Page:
Changing behaviours on nutrition in Myanmar
Originally written for LIFT and the United Nations Office for Project Services (UNOPS)
What are some opportunities and challenges for linking social and behaviour change communication (SBCC) and maternal and child cash transfer (MCCT) programmes? How does this contribute to positive nutrition outcomes in a child’s first 1,000 days? What is the best way forward for MCCT programmes?
These and other questions were raised at the event that brought together LIFT, the Ministry of Social Welfare, Relief and Resettlement, the Ministry of Health and Sports, and nutrition partners and donors on 19 February. The gathering featured presentations on the Randomised Control Trial (RCT) results of the MCCT programme in the Central Dry Zone and findings from recent reviews on the process and modalities used in Myanmar as well as discussions with key stakeholders on SBCC activities in MCCT programmes.
Malnutrition in Myanmar among highest in region
Poor nutrition in early life can harm children’s physical and cognitive development, with long-term consequences on earnings, productivity, and ultimately, a country’s growth. Myanmar has one of Asia Pacific’s highest rates of stunting, with one in three children below five years of age suffering from stunting or chronic malnutrition. Severe poverty is a key underlying factor which can lead to poor maternal, infant and child nutrition, micronutrient deficiencies, and repeated infections during the child’s first 1,000 days of life, which can have long term impacts on a person’s health.
Good nutrition leads to economic development
Good nutrition is transformational. Children who get the right nutrition in the first 1000 days are 10 times less likely to die of childhood diseases, complete more grades at school, and earn up to 21 per cent more as adults.
U Kyaw Lin Htin, Director of the Department of Social Welfare, opened the conference with a speech highlighting the importance of improving nutrition in Myanmar: “Cash transfers for nutrition outcomes are a smart investment; with benefits for the mother, the child and the country. But cash alone is not enough to change the practices and behaviours needed to impact on nutrition; it requires the effort of many stakeholders”.
LIFT and partners’ work on MCCT-SBCC programme
Since 2014, LIFT has been working to develop and test MCCT programmes in Myanmar through a range of projects led by Save the Children and the International Rescue Committee (IRC). The projects were consciously designed to test different approaches and means of delivery in order to inform how the MCCTs could be taken to scale. These experiences were critical to the ongoing evolution of the Government-led MCCT programme.
One of the approaches tested within the MCCT programme was cash+SBCC activities. It combines monthly cash allowances to mothers and various interventions aimed at enabling and informing people's behaviours and practices relating to health, sanitation and hygiene, maternal diets, breastfeeding, and so on. The purpose is to enhance the nutritional outcomes of pregnant mothers and young children during their first 1,000 days.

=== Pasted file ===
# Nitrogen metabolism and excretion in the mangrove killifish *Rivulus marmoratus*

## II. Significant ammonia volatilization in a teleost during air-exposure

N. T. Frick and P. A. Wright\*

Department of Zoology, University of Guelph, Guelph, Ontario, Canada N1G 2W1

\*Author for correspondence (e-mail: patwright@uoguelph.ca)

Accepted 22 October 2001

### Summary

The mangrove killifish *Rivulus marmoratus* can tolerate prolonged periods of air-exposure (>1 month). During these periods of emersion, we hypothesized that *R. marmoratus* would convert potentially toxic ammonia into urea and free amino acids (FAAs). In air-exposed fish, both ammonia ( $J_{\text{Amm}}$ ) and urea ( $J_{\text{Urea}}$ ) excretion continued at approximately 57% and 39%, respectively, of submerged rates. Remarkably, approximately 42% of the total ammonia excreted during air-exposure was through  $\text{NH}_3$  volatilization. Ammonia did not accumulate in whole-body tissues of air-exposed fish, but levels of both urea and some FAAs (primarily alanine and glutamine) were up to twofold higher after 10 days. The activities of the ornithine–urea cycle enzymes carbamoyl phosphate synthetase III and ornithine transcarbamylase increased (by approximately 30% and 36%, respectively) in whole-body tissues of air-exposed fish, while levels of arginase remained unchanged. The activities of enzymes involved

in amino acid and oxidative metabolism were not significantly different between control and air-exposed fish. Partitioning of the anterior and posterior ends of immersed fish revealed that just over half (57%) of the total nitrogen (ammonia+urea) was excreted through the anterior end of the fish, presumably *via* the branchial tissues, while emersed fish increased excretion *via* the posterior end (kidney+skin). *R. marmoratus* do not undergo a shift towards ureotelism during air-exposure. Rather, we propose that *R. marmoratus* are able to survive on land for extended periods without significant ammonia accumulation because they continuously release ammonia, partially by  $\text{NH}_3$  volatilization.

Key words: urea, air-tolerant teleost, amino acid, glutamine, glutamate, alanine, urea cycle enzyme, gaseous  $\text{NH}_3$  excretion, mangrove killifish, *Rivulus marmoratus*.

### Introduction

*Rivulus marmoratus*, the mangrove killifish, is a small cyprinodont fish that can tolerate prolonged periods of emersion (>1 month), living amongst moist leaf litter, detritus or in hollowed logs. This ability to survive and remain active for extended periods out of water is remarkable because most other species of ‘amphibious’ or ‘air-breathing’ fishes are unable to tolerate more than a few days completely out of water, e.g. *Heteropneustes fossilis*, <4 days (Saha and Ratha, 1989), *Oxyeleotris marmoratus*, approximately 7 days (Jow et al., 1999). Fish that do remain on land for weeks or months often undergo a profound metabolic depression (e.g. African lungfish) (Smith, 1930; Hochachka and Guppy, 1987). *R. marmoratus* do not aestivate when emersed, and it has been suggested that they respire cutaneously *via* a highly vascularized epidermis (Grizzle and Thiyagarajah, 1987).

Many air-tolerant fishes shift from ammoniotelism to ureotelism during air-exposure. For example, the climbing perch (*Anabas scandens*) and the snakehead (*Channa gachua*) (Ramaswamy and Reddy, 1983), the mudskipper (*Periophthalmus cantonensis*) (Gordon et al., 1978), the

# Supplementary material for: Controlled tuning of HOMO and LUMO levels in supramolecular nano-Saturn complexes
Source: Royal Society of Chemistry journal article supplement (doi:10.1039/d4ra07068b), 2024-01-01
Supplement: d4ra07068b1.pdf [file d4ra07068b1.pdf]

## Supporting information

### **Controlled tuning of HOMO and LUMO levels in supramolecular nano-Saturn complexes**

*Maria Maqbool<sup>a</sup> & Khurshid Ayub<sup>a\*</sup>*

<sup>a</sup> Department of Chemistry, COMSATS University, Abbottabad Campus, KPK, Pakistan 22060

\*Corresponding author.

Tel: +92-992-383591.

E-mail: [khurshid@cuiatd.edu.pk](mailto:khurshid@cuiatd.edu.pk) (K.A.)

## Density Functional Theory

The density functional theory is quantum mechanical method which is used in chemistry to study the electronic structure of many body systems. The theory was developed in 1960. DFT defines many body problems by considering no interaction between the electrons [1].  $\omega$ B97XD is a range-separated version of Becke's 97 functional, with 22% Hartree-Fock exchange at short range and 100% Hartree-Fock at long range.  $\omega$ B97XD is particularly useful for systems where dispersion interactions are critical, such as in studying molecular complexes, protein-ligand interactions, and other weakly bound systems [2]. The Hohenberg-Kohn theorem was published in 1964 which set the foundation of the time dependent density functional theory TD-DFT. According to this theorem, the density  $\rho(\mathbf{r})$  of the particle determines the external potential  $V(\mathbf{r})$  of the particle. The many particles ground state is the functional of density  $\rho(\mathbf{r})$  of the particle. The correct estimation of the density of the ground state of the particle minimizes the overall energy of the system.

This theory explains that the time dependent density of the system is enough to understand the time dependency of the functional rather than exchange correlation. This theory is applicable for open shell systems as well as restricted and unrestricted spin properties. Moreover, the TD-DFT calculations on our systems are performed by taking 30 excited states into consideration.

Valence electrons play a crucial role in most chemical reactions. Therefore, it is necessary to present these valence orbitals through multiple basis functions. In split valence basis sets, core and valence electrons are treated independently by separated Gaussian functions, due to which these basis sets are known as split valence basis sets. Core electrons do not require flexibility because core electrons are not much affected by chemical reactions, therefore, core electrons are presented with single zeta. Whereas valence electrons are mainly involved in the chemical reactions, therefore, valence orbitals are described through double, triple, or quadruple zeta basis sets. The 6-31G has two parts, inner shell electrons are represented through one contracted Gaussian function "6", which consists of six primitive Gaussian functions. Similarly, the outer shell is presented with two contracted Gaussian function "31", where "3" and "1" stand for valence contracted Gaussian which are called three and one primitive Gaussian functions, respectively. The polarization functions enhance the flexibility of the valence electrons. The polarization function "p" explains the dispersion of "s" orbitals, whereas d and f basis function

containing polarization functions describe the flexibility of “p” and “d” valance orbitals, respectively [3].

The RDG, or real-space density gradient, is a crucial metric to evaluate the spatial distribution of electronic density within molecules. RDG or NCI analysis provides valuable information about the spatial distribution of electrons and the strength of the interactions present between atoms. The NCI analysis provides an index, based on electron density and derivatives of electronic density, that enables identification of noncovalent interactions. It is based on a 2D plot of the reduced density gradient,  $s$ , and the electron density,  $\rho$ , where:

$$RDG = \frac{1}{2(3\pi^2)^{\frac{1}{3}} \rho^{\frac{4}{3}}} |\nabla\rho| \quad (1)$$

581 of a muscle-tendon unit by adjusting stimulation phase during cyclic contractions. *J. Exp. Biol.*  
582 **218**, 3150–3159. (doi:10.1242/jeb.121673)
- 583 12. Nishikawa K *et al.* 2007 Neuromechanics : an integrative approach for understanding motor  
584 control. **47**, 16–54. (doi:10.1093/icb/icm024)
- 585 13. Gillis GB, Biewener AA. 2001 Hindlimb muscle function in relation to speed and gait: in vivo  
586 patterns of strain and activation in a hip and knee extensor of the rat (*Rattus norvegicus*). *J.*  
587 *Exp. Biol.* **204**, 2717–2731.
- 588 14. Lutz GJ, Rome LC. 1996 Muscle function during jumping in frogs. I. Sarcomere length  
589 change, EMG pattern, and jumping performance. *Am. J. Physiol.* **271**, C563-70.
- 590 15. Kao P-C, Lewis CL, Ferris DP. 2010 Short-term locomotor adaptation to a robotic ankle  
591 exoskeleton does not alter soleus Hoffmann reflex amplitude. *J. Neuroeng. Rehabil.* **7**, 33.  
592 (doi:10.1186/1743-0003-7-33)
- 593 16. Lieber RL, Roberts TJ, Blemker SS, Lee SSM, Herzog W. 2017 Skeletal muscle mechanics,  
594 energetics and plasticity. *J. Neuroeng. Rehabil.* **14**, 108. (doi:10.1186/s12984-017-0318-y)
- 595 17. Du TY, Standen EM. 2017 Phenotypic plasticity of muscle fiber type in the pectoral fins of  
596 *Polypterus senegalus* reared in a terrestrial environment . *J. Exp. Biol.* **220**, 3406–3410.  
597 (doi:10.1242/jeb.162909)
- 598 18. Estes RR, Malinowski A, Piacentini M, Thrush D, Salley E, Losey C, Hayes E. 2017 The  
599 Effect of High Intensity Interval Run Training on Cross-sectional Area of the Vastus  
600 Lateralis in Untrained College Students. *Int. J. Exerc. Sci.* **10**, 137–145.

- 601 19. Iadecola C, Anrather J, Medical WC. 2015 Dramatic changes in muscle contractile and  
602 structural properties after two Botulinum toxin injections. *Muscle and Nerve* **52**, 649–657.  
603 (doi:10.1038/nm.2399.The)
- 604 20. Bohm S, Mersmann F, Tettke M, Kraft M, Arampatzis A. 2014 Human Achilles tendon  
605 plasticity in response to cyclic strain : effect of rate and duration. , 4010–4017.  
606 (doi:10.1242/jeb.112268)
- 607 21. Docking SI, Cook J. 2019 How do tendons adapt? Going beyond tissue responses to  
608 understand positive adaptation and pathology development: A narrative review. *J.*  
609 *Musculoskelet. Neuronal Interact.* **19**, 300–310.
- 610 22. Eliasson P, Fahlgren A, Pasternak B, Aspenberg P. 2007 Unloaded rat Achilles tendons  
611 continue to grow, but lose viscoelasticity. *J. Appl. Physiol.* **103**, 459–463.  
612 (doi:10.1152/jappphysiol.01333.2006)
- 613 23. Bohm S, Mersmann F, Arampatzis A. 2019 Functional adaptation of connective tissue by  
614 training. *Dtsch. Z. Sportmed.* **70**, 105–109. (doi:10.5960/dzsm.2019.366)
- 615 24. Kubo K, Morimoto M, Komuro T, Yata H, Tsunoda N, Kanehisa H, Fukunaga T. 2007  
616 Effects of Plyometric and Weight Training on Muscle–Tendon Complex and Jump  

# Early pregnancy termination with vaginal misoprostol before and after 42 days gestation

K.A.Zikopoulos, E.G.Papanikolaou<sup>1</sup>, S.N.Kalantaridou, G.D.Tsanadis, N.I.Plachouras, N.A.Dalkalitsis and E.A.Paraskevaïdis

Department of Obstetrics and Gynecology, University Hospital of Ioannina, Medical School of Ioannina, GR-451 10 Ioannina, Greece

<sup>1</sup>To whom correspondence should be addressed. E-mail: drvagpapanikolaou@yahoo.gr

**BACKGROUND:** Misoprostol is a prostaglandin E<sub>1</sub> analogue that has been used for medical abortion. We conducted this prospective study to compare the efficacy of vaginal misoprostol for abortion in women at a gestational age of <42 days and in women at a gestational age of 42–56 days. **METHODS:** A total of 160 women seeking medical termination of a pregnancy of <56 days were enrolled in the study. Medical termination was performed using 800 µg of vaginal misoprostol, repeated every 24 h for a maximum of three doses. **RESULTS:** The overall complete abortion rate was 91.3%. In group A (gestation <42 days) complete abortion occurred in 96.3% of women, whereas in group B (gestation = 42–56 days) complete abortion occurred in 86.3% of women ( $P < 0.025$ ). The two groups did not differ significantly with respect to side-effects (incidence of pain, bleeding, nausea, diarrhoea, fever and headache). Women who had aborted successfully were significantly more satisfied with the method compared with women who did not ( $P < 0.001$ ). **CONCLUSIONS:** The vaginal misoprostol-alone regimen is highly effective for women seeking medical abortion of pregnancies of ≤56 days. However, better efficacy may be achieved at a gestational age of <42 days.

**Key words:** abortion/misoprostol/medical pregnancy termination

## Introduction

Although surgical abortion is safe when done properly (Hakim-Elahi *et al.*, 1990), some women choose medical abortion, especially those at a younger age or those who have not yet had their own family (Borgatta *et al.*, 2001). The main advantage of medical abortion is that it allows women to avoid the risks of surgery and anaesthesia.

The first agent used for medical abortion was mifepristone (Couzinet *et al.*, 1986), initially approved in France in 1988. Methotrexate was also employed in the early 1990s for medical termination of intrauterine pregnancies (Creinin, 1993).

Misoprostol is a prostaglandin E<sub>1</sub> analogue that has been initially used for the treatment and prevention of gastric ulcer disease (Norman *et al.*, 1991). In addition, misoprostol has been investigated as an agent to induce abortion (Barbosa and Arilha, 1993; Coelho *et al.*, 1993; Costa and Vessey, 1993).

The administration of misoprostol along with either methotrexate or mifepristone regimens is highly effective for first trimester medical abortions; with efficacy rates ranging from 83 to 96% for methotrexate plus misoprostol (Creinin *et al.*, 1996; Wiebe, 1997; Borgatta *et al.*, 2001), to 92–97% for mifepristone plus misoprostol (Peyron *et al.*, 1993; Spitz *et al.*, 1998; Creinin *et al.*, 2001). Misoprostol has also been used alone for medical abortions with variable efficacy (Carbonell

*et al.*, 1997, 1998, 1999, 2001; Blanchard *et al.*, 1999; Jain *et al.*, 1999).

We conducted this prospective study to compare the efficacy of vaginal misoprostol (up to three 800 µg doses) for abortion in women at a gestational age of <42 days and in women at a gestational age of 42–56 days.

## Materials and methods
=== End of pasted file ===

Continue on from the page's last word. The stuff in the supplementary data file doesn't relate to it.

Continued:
SBCC interventions combine elements of interpersonal communications such as home visits; community mobilisation activities including mother-to-mother support groups and sessions with husbands and grandmothers; and advocacy to support individuals, families, communities, and institutions. The aim is for LIFT, in collaboration with the country’s health system, to support families and communities to adopt and maintain high-impact nutrition-related practices.
MCCT-SBCC programme reduced stunting from 30 to 26 per cent in three years
On 19 February, LIFT presented the results of the research conducted by Innovations for Poverty Action and Save the Children, which showed that while the distribution of cash alone can have some benefits, far greater and significant impact has been recorded when cash is combined with SBCC. There are multiple pathways on which the cash transfer programme aims to improve nutrition outcomes in the first 1000 days. Improving a household’s income through a cash transfer accompanied by social behaviour change approaches helps break down the barriers to good nutrition practices.
SBCC approaches can influence ways in which cash has a positive impact on nutrition. The MCCT-SBCC programme can facilitate the uptake of health and nutrition services, promote health-seeking behaviours and healthy food choices for mothers and children. SBCC approaches can also increase women’s knowledge, skills and self-efficacy, as well as enhance family and community members’ knowledge, awareness and ability to support women.
According to research conducted in the Central Dry Zone, results of cash transfers combined with SBCC in efforts to reduce stunting are encouraging. LIFT implemented the project in communities in which stunting in children under five stood at 30 per cent, indicating a trend of long term chronic malnutrition. Within only three years of implementation, however, this number shrank by four percentage points to 26. The Government is now rolling out the programme and aims to provide universal coverage of MCCT with SBCC in seven states by the end of 2020. As the data from the Central Dry Zone speaks to the effectiveness of the approach, it can inform and guide the future Government-led MCCT programme.